Random permutations and giant cycles

The other day, Nathanael Berestycki presented some very nice results on random permutations. Start with the identity permutation of {\mathfrak{S}_N} and compose with random transpositions: in short, at time {k} we consider the random permutation {\sigma_k = \tau_k \circ \ldots \tau_{2} \circ \tau_1} where {\tau_i} is a transposition chosen uniformly at random among the {\frac{N(N-1)}{2}} transpositions of {\mathfrak{S}_N}. How long do we have to wait before seeing a permutation that has a cycle of length greater than {\epsilon N}, where {\epsilon>0} is a fixed constant ?

The answer has been known for quite a long time (O. Schramm,2005), but no simple proof was available: the highlight of Nathanael’s talk was a short and elegant proof of the fact that we only have to wait a little bit more than {N/2} steps to see this giant cycle! The first half of the proof is such a beauty that I cannot resist in sharing it here!

1. Visual representation

First, this is more visual to represent a permutation by its cycle decomposition. Consider for example the permutation {\sigma = (1,3,4)(5,6,8,9,10,11)(2)(7) \in \mathfrak{S}_{10}} that sends {1 \rightarrow 3 \rightarrow 4 \rightarrow 1} etc… It can be graphically represented by the following pictures:

cycle structure - visual representation

cycle structure - visual representation

If this permutation is composed with the transposition {(4,6)} , this gives the following cycle structure:

two cycles merge

two cycles merge

If  it is composed with {(8,11)} this gives,

a cycles breaks down into two

a cycles breaks down into two

It is thus pretty clear that the cycle structure of {\sigma_{k+1}} can be obtained from the cycle structure of {\sigma_k} in only 2 ways:

  • or two cycles of {\sigma_k} merge into one,
  • or one cycle of {\sigma_k} breaks into two cycles.

In short, the process {\{\sigma_k\}_k} behaves like a fragmentation-coalescence processes. At the beginning, the cycle structure of {\sigma_0=\text{Id}} is trivial: there are {N} trivial cycles of length one! Then, as times goes by, they begin to merge, and sometimes they also break down. At each step two integers {i} and {j} are chosen uniformly at random (with {i \neq j}): if {i} and {j} belong to the same cycle, this cycle breaks into two parts. Otherwise the cycle that contains {i} merges with the cycle that contains {j}. Of course, since at the beginning all the cycles are extremely small, the probability that a cycles breaks into two part is extremely small: a cycle of size {k} breaks into two part with probability roughly equal to {\Big(\frac{k}{N}\Big)^2}.

2. Comparison with the Erdos-Renyi random Graph

Since the fragmentation part of the process can be neglected at the beginning, this is natural to compare the cycle structure at time {k} with the rangom graph {G(N,p_k)} where {\frac{N(N-1)}{2}p_k = k}: this graph has {N} vertices and roughly {k} edges since each vertex is open with probability {p_k}. A coupling argument makes this idea more precise:

  1. start with {\sigma_0=\textrm{Id}} and the graph {G_0} that has {N} disconnected vertices {\{1,2, \ldots, N\}}
  2. choose two different integers {i \neq j}
  3. define {\sigma_{k+1}=(i,j) \circ \sigma_k}
  4. to define {G_{k+1}}, take {G_k} and join the vertices {i} and {j} (never mind if they were already joined)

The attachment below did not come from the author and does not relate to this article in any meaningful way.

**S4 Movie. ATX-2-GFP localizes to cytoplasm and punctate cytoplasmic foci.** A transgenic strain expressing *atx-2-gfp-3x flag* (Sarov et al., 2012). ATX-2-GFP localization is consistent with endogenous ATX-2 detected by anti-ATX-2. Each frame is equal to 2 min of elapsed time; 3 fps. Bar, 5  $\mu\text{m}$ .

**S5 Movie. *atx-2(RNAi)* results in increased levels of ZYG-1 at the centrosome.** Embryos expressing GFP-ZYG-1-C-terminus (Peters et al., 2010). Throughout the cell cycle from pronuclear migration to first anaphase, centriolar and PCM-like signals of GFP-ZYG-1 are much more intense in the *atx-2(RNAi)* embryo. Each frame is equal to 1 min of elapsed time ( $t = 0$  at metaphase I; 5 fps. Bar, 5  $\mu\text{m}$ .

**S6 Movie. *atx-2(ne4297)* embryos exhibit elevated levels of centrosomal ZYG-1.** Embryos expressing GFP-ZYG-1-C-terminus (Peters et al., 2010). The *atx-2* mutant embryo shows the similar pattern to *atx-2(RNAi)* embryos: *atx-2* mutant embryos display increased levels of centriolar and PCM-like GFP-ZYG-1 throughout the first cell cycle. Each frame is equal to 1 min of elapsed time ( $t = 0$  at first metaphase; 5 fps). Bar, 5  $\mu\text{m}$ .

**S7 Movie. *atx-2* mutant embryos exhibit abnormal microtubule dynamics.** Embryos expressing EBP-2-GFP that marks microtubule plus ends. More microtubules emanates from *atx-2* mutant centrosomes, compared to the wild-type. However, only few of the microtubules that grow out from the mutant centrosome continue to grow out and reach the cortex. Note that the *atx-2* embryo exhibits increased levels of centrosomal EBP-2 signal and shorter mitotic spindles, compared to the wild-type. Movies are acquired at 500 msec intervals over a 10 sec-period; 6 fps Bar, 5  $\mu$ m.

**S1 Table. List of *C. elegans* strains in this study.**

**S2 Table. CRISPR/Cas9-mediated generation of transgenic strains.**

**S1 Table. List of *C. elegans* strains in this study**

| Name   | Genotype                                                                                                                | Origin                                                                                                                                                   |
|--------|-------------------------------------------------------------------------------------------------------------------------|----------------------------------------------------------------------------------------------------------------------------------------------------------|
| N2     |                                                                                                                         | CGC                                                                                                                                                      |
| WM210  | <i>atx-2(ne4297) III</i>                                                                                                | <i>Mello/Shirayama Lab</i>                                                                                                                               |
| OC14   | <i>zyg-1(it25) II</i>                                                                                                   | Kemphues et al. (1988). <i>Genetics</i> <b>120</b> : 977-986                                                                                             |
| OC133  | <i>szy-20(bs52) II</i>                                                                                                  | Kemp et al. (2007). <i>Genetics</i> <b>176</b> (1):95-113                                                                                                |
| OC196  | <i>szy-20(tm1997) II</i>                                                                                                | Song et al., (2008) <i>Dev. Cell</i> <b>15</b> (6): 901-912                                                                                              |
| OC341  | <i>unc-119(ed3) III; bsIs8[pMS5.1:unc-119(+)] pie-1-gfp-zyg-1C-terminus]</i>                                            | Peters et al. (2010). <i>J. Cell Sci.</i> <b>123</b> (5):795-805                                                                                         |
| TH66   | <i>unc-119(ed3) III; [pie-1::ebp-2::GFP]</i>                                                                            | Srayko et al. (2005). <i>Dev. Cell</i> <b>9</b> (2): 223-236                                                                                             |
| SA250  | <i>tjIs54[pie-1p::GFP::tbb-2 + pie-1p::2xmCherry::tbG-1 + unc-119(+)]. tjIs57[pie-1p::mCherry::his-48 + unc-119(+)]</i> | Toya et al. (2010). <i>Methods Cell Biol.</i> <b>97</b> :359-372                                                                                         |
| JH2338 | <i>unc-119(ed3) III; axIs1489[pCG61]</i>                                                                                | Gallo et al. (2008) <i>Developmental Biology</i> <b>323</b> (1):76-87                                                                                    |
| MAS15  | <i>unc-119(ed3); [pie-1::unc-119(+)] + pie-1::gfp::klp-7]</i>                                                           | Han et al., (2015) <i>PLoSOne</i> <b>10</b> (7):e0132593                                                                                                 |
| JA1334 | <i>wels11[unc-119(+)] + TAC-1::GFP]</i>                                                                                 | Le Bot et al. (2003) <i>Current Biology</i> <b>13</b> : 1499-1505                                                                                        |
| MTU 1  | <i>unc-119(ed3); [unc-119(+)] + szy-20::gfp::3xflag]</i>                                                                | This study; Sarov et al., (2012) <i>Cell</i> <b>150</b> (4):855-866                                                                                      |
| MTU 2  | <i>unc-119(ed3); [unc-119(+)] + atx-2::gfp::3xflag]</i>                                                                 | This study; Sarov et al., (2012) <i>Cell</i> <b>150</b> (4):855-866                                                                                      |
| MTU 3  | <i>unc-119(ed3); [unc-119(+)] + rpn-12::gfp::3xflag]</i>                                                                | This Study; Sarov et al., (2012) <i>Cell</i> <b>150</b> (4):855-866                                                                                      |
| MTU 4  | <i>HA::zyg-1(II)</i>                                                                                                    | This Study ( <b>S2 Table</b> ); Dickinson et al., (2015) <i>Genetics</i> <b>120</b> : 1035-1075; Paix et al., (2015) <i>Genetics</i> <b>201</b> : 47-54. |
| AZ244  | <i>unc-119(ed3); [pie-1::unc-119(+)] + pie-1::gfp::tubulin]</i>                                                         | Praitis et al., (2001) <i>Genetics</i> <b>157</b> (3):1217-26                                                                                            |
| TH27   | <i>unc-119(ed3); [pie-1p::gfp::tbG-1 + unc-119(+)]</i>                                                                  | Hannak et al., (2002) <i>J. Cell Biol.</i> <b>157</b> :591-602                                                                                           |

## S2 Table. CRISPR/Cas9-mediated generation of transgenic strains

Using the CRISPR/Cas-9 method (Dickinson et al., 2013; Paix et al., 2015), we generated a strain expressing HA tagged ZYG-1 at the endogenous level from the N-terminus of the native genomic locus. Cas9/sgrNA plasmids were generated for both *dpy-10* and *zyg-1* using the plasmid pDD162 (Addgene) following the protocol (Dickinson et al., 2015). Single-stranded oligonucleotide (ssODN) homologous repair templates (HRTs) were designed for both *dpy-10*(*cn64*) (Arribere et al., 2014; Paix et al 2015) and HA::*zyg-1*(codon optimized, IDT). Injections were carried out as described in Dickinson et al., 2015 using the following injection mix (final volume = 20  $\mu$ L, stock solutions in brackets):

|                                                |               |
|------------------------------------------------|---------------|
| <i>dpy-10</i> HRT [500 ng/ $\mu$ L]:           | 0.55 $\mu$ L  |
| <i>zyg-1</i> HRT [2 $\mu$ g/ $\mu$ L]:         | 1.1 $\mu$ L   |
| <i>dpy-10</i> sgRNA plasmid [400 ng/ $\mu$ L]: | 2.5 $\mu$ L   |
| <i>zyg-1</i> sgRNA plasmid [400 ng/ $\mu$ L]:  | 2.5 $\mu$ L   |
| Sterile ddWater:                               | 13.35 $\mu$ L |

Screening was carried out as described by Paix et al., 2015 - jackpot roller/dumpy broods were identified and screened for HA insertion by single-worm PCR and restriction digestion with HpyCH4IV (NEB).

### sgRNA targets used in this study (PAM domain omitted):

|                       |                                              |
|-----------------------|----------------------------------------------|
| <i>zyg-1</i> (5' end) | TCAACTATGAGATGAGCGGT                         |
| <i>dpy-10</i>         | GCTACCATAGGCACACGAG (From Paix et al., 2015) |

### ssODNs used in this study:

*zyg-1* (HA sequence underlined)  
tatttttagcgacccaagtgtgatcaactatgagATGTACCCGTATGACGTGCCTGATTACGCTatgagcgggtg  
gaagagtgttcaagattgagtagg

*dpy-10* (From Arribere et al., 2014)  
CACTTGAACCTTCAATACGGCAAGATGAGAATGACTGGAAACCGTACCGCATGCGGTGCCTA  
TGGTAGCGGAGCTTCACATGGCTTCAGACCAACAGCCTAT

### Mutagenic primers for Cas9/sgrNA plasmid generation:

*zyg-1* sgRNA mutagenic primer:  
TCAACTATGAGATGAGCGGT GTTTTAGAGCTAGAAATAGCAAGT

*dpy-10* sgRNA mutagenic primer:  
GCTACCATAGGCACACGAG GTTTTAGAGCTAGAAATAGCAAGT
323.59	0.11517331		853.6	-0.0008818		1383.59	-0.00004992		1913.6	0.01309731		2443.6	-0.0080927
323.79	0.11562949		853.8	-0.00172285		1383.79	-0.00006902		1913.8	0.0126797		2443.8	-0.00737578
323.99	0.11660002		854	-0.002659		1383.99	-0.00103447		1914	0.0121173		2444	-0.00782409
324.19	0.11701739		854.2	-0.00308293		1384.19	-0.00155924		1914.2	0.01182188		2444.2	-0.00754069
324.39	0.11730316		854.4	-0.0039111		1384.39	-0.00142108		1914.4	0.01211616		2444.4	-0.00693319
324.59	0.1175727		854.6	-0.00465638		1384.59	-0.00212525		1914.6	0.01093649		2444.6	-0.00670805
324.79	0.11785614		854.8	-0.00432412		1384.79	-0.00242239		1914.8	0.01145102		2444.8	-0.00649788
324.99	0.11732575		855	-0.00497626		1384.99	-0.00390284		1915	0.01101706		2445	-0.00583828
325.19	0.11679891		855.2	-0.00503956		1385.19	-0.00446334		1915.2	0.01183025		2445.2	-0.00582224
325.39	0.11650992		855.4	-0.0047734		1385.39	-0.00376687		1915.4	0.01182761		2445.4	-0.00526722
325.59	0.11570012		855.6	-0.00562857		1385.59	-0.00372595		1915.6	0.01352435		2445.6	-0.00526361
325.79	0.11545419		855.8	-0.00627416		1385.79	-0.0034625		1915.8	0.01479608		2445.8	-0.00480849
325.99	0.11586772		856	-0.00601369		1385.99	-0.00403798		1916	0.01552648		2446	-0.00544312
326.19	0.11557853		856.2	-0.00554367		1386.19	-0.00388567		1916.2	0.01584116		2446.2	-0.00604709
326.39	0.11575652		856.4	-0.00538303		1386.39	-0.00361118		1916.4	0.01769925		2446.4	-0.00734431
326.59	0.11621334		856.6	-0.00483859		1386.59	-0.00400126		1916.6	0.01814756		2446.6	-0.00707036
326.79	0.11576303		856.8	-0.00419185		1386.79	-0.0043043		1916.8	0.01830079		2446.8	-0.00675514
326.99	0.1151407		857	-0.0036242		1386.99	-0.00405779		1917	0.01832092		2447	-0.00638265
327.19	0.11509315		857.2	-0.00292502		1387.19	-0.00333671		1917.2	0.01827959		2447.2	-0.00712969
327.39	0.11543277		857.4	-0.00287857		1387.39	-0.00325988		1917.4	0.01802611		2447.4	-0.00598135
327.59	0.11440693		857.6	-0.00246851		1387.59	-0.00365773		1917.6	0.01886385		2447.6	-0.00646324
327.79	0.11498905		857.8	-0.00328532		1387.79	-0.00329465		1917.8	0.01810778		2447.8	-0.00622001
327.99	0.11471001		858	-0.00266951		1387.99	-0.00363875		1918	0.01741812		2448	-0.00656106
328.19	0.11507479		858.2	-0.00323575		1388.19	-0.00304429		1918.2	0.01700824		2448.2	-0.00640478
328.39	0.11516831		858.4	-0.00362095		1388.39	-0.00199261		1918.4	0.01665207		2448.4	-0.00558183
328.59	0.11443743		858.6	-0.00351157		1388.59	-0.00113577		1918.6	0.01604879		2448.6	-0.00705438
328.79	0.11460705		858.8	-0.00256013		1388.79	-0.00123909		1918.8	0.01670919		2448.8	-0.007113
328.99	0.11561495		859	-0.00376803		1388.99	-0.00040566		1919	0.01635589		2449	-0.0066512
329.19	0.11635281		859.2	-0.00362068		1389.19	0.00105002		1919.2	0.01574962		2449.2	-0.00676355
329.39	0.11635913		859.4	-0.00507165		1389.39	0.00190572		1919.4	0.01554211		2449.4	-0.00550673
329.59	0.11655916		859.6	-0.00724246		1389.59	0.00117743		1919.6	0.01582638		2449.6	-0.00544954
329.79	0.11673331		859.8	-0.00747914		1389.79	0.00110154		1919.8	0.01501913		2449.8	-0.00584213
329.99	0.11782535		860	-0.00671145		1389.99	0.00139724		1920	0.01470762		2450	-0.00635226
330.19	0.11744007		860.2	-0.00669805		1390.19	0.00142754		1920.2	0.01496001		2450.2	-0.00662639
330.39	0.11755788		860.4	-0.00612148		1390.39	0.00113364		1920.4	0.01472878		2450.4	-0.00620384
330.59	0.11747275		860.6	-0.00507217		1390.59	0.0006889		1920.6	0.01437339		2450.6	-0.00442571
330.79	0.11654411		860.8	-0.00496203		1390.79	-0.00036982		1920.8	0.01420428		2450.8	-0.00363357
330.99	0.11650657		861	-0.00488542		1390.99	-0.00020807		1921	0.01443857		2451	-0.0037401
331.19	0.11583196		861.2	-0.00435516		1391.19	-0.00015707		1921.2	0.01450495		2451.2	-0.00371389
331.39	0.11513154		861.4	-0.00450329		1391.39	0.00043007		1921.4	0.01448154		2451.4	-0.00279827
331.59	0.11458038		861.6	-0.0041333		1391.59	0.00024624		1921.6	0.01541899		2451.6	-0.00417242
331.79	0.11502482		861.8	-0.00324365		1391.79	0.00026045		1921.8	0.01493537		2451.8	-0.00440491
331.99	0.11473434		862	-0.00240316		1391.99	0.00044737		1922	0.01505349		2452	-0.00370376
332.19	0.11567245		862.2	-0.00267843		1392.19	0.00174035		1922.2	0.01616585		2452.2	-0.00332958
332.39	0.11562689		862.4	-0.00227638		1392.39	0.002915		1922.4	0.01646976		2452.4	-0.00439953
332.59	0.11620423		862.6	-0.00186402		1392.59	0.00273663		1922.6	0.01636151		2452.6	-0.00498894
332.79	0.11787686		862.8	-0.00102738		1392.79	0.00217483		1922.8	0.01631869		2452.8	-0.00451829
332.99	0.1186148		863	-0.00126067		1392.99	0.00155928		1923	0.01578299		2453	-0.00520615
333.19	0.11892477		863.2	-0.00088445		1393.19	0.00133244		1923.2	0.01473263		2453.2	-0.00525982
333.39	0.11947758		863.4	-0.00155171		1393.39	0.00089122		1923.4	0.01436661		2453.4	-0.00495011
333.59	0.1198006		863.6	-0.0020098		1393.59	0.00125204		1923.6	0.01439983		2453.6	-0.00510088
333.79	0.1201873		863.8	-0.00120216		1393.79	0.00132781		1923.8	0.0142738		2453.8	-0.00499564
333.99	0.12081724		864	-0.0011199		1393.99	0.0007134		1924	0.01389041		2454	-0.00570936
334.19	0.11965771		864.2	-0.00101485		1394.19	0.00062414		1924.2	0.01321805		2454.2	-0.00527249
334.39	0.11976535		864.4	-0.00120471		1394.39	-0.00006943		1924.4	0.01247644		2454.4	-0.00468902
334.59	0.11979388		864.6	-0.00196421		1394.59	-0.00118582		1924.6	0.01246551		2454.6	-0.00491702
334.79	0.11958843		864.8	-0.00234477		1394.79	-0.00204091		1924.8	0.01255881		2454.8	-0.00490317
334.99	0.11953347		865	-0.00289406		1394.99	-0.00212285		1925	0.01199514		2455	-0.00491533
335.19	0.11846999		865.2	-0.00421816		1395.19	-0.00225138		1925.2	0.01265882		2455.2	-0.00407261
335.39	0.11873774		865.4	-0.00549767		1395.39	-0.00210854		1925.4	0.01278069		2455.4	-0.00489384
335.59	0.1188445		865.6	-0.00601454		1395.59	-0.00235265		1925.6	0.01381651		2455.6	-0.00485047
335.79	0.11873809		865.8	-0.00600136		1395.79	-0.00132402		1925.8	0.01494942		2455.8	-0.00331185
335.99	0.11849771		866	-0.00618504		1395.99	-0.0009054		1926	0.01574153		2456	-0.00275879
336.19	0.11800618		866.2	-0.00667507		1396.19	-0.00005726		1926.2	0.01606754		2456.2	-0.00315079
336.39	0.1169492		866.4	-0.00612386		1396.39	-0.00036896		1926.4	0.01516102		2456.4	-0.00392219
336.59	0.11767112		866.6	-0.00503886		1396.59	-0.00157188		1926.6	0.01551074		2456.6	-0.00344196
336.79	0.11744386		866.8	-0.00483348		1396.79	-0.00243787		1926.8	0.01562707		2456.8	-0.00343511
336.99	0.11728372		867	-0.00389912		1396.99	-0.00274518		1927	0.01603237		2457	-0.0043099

5. go to step {2}.

The fundamental remark is that each cycle of {\sigma_k} is included in a connected component of {G_k}: this is true at the beginning, and this property obviously remains true at each step. The Erdos-Renyi random graph {G(n,p)} is one of the most studied object: it is well-known that for {c<1}, with probability tending to {1}, the size of the largest connected component of {G(N,\frac{c}{N})} is of order {\ln(N)}. Since {p_k \sim \frac{2k}{N^2}}, this immediately shows that for {k \approx \alpha N}, with {\alpha < \frac{1}{2}} the length of the longuest cycle in {\sigma_k} is of order {\ln(N)} or less. This is one half of the result. It remains to work a little bit to show that if we wait a little bit more than {\frac{N}{2}}, the first cycle of order {N} appears.

For a permutation {\sigma \in \mathfrak{S}_N} with cycle decomposition {\sigma = \prod_{j=1}^r c_i} (cycles of length {1} included), one can consider the quantity

\displaystyle  T(\sigma) = \sum_{j=1}^R |c_j|^2.

This is a quantity between {N} (for the identity) and {N^2} that measures in some extends the sizes of the cycles. In order to normalize everything and to take into account that the cycle structure abruptly changes near the critical value {\frac{N}{2}}, one can also observe this quantity on a logarithmic scale:

\displaystyle  s(\sigma) = \frac{ \ln\Big( T(\sigma)/N^2 \Big) }{\ln(N)}.

This quantity {s(\sigma)} lies between {0} and {1}, and evolves quite smoothly with time: look at what it looks like, once the time has been rescaled by a factor {N}:

fluid limit ?

fluid limit ?

The plot represented the evolution of the quantity {s\Big(\sigma(\alpha N)\Big)} between time k=0 and k=\frac{N}{2} for dimensions N=10000,20000,30000.

Question: does the random quantity s(\alpha,N)={s\Big(\sigma(\alpha N)\Big)} converge (in probability) towards a non trivial constant {S(\alpha) \in (0,1)} ? It must be the analogue quantity for the random graph {G(N,\frac{2\alpha}{N})}, so I bet it is a known result …

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1 Comment

  1. October 15, 2010 at 9:40 am

    […] the largest connected component , also called the giant component, has size of order . In another blog entry, another consequence of this phase transition has been […]


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